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Economy

Bitcoin and China's endless chain of bubbles

A stack of yuan notes at a commercial bank in Beijing (Reuters)

SHANGHAI -- From the stock and property markets to other segments of the economy, bubbles are continually cropping up in China. Lately, the country's investors have been turning to bitcoin in droves.

Chinese investors are constantly shifting from one promising asset to another, seeking to maximize their returns amid excess liquidity. The slowdown in growth means the authorities have little choice but to maintain a fairly accommodative monetary policy, contributing to the abundance of cash.

Chinese President Xi Jinping stressed during a roundtable discussion last Friday that his administration will "continue its aggressive fiscal policy and moderate monetary policy to expand demand adequately."

It is under these circumstances that China has emerged as a global center of bitcoin trading, with the country purportedly accounting for 40% of investors and 80% of transactions in the market for the digital currency.

"Some customers use bitcoins to transfer money abroad, while others do so for speculative investment," said an official at BTC Trade, a major Chinese bitcoin exchange. BTC Trade's head office is in Zhongguancun, a district of northwestern Beijing known as the Chinese capital's answer to Silicon Valley. Prestigious schools, such as Peking University and the Beijing Institute of Technology, are located nearby.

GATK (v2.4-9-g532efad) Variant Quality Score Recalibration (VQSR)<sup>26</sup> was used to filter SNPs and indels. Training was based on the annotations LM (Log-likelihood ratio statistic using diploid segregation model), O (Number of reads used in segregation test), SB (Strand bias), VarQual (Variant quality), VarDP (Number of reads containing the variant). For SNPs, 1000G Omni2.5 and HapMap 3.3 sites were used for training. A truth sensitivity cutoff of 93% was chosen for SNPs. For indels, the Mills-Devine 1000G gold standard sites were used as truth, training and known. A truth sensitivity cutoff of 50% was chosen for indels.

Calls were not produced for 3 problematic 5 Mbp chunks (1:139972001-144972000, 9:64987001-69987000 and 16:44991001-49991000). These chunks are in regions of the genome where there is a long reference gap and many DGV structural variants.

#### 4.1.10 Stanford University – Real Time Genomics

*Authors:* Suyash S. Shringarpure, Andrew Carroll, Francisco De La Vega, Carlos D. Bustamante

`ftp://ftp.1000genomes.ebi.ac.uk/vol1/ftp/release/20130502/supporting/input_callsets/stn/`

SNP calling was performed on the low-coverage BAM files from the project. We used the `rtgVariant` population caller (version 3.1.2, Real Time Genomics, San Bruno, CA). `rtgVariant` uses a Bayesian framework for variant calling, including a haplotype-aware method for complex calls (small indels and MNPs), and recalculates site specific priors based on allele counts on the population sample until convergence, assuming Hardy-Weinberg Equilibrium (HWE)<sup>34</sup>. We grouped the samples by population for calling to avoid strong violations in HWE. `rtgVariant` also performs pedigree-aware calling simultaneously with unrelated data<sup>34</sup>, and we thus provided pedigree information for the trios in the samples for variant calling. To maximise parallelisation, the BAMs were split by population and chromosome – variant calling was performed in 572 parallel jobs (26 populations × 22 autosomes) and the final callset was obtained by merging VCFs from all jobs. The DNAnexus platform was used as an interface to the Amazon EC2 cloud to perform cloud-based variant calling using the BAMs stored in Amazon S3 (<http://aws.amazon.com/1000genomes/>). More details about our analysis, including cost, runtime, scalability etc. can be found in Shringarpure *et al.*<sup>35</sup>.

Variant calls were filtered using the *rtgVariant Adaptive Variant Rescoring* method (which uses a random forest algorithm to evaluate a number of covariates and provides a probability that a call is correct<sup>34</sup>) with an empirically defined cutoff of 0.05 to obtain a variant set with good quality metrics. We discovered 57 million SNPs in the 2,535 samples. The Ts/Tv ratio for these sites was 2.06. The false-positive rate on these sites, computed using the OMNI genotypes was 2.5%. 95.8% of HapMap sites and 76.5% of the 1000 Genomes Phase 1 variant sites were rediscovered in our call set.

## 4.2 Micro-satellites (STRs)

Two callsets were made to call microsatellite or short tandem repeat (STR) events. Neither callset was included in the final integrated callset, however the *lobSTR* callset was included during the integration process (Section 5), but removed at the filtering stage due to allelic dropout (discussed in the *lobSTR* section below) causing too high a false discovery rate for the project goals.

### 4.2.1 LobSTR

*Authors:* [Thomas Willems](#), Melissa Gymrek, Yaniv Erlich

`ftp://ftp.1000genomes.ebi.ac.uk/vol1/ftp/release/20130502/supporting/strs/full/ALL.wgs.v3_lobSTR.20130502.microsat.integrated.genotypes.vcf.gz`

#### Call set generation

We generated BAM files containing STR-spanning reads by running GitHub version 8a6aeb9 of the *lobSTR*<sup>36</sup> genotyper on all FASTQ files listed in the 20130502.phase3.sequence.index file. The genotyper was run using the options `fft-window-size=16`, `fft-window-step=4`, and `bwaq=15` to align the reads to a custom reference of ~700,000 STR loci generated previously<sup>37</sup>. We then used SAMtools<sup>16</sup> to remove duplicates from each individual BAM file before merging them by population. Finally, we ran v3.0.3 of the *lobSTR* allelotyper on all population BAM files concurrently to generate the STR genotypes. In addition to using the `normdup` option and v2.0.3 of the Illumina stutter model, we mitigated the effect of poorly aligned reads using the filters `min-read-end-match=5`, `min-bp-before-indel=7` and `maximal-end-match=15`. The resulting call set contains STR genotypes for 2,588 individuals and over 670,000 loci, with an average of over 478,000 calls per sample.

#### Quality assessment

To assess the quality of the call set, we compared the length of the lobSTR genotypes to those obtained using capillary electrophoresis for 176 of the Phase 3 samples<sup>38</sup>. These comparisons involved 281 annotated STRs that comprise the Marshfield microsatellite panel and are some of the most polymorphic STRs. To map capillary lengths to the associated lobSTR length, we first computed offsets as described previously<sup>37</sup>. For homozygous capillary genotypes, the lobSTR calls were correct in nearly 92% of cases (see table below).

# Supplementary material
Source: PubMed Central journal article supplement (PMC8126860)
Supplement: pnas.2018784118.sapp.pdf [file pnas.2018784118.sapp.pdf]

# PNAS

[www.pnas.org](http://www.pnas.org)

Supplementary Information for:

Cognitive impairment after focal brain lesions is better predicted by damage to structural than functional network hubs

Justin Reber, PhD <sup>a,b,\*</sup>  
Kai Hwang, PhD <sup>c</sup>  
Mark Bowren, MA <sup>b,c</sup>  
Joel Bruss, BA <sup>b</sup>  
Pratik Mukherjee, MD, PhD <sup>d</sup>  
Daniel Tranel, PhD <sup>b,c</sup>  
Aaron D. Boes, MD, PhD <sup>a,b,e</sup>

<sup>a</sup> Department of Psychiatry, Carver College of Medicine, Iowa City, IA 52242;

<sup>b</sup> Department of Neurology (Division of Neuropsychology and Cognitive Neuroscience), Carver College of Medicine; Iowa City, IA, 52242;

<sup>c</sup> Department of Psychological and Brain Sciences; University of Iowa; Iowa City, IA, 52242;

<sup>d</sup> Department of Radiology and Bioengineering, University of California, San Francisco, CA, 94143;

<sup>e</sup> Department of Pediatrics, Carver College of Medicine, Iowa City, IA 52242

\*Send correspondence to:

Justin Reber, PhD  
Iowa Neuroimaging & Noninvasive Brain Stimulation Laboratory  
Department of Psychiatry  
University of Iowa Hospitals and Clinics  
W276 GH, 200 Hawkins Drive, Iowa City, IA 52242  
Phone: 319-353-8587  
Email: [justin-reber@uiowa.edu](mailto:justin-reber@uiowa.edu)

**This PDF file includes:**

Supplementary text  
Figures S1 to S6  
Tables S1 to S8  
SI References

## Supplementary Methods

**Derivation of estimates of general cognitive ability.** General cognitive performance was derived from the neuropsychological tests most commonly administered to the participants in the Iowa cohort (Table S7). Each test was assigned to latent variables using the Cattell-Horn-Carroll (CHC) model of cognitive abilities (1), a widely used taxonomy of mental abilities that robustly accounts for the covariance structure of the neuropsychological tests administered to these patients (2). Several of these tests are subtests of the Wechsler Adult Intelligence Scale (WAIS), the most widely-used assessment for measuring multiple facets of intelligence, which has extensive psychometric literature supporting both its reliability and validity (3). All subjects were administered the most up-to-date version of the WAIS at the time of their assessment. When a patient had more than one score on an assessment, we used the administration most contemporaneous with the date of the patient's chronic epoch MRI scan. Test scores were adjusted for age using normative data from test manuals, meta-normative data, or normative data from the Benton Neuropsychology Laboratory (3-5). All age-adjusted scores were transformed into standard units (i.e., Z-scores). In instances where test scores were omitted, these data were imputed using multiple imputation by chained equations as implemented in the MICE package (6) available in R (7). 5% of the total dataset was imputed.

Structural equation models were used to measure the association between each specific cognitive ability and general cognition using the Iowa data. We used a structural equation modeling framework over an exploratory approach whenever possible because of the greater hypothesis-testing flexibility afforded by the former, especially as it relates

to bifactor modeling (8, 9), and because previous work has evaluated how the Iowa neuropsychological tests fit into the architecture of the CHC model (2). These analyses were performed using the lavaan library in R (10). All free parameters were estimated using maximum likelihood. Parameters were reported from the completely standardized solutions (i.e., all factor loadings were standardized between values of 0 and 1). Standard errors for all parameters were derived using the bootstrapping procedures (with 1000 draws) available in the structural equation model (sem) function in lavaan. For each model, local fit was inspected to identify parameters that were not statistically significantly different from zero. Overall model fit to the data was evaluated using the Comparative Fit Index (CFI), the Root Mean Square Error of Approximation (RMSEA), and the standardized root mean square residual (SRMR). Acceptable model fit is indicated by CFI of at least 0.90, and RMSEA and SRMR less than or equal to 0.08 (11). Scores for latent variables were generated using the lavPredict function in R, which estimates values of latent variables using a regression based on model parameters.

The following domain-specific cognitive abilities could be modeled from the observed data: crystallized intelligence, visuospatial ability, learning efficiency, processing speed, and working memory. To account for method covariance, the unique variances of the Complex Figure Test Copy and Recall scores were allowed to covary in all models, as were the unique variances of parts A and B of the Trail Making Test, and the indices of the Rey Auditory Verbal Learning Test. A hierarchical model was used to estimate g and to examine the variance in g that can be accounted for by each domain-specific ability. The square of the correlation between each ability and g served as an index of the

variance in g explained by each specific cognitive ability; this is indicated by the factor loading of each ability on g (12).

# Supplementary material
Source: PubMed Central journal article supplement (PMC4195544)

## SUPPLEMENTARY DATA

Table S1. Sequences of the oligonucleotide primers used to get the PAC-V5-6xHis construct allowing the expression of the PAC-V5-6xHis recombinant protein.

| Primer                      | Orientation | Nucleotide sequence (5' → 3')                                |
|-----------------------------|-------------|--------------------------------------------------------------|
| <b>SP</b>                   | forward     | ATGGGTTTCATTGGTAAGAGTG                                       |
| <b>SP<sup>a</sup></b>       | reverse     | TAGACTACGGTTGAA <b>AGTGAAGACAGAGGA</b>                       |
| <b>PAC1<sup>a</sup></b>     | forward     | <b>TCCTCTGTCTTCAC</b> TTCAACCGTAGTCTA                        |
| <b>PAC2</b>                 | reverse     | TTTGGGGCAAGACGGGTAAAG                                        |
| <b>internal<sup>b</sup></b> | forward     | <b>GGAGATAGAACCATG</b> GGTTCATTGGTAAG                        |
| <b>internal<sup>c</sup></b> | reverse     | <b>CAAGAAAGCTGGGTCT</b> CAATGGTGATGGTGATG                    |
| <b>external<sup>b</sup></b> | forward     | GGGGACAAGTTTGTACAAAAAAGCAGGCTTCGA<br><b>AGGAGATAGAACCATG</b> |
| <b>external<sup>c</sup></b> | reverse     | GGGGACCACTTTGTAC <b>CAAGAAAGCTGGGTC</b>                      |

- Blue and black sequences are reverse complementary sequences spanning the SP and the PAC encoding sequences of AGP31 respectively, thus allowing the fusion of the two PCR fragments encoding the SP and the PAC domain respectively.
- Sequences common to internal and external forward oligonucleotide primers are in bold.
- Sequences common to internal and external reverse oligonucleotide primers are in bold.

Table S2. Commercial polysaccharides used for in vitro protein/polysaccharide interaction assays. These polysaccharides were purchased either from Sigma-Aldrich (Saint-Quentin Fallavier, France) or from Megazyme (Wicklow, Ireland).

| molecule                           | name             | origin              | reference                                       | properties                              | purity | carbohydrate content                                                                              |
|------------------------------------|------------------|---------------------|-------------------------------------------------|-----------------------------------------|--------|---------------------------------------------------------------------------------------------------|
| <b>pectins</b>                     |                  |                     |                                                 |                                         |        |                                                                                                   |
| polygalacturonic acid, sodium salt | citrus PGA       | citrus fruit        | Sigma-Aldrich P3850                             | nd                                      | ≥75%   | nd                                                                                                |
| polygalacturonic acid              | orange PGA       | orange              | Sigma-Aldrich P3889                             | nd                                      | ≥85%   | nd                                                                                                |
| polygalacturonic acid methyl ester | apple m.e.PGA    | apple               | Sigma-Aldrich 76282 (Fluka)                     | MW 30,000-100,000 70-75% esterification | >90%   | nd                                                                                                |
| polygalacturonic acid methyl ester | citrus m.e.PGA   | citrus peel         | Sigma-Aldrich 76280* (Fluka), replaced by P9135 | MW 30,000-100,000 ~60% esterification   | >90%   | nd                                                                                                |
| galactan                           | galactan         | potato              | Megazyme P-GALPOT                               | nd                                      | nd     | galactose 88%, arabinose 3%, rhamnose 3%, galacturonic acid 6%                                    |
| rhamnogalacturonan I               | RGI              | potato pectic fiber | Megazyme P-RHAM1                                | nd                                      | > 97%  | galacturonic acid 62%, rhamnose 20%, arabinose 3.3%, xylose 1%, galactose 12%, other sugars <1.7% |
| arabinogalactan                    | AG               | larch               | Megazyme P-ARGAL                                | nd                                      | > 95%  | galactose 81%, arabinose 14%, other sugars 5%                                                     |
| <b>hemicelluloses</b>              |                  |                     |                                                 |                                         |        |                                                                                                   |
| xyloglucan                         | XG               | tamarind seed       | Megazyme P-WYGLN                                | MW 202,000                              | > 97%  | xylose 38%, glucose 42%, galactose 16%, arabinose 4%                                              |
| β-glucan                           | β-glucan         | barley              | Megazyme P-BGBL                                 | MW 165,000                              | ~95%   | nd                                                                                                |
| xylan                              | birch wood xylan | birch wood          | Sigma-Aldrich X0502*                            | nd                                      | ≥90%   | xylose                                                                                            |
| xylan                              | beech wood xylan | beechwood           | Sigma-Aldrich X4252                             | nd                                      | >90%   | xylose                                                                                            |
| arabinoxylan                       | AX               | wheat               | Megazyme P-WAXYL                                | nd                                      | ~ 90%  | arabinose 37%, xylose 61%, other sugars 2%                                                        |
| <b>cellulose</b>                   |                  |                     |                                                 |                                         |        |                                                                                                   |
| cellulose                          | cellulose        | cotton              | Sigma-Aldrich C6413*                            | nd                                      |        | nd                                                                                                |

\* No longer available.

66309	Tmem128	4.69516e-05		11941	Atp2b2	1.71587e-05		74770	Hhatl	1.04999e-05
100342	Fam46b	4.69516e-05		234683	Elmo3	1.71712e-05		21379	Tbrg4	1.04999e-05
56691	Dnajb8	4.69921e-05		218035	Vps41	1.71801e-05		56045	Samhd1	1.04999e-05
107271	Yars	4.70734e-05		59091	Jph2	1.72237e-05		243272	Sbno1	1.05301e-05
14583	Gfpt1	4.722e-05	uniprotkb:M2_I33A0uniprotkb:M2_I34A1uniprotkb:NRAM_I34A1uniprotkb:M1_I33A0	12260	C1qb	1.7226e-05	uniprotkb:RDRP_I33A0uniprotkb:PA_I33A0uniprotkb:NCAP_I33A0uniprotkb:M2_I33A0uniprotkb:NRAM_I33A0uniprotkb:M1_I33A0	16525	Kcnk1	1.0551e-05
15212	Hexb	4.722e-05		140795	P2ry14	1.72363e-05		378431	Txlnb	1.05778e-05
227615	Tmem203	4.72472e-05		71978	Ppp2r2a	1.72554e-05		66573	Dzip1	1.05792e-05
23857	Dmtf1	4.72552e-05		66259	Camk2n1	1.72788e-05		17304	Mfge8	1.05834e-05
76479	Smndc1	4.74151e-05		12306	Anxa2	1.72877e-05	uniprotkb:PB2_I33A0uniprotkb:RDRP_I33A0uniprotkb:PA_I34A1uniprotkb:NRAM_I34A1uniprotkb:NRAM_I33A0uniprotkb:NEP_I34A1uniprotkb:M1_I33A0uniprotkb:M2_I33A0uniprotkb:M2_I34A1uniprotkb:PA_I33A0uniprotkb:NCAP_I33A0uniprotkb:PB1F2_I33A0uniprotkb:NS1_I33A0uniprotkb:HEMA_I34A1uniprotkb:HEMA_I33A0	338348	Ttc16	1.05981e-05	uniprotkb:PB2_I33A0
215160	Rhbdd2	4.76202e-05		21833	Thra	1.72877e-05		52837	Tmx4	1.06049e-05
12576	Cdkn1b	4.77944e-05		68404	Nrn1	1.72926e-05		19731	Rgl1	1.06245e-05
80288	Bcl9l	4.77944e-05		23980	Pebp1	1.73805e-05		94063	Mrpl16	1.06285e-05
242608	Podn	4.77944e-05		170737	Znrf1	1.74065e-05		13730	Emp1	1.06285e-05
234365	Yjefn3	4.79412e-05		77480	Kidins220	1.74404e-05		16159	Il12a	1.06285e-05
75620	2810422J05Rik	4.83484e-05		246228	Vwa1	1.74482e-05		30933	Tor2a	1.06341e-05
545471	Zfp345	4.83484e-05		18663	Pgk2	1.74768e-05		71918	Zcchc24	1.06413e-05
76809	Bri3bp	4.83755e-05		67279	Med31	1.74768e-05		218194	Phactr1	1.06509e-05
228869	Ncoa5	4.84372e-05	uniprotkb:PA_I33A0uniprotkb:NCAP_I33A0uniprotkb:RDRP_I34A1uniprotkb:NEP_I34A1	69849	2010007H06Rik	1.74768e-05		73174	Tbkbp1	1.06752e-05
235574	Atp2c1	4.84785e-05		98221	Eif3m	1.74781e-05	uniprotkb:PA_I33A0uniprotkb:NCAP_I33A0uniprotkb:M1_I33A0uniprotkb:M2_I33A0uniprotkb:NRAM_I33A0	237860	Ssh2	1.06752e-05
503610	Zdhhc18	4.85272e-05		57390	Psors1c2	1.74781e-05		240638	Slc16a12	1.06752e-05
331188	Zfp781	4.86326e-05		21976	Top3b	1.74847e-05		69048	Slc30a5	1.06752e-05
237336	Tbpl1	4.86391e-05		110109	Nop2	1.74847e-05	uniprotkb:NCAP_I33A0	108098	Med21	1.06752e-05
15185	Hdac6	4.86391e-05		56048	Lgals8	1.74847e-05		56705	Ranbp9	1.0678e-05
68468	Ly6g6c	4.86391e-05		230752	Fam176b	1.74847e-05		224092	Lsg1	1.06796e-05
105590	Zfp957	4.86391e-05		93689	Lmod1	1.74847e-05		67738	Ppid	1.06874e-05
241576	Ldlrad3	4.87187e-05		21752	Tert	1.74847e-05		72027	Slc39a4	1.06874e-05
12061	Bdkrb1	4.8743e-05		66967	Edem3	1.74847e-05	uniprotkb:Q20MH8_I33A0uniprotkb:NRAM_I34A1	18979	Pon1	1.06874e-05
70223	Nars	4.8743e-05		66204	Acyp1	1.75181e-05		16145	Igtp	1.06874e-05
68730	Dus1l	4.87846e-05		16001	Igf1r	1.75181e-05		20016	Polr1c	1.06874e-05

Bitcoin's value in yuan has surged 50% since the end of 2015, to about 4,300 yuan ($642) from roughly 2,800 yuan. Given lingering concerns about devaluation of the Chinese currency, investors have been snapping up the cryptocurrency instead.

Invest, regulate, repeat

China's succession of bubbles dates back to the 2000s, including the stock bubble of 2007.

In November 2008, the government unveiled a 4 trillion yuan stimulus package in response to the global financial crisis. Taking a cue from the government's move, individual investors rushed to buy condominiums in coastal cities such as Beijing, Shanghai and Shenzhen. Later, following the introduction of restrictions on multiple condo purchases, the property market began to cool and investors flocked to so-called wealth management products.

Regulations on wealth management products were also strengthened in 2014, amid concerns about the high-interest instruments driving the explosive growth of the "shadow banking" industry.

This, in turn, prompted investors to shift their money back to the stock market. But after peaking in June 2015, Chinese share prices tumbled again.

This drove investors into online finance as well as the commodity futures and property markets.

Back to stocks?

These torrents of money can trigger all sorts of market distortions. Private steelmakers, for example, have been scurrying to resume operations at blast furnaces in response to rising steel futures prices. The rush comes despite the Chinese government's goal of cutting the country's excess steel production capacity.

Meanwhile, the property bubble has spread to cities such as Nanjing, Hefei and Xiamen.

It is anyone's guess how long the bitcoin bubble will continue to inflate. Once it subsides, possibly due to fresh government regulations on trading, another stock boom might be in store.

But if history is any guide, investors will not keep their money in the stock market for long -- not if it remains strictly regulated and subject to strong government intervention. 

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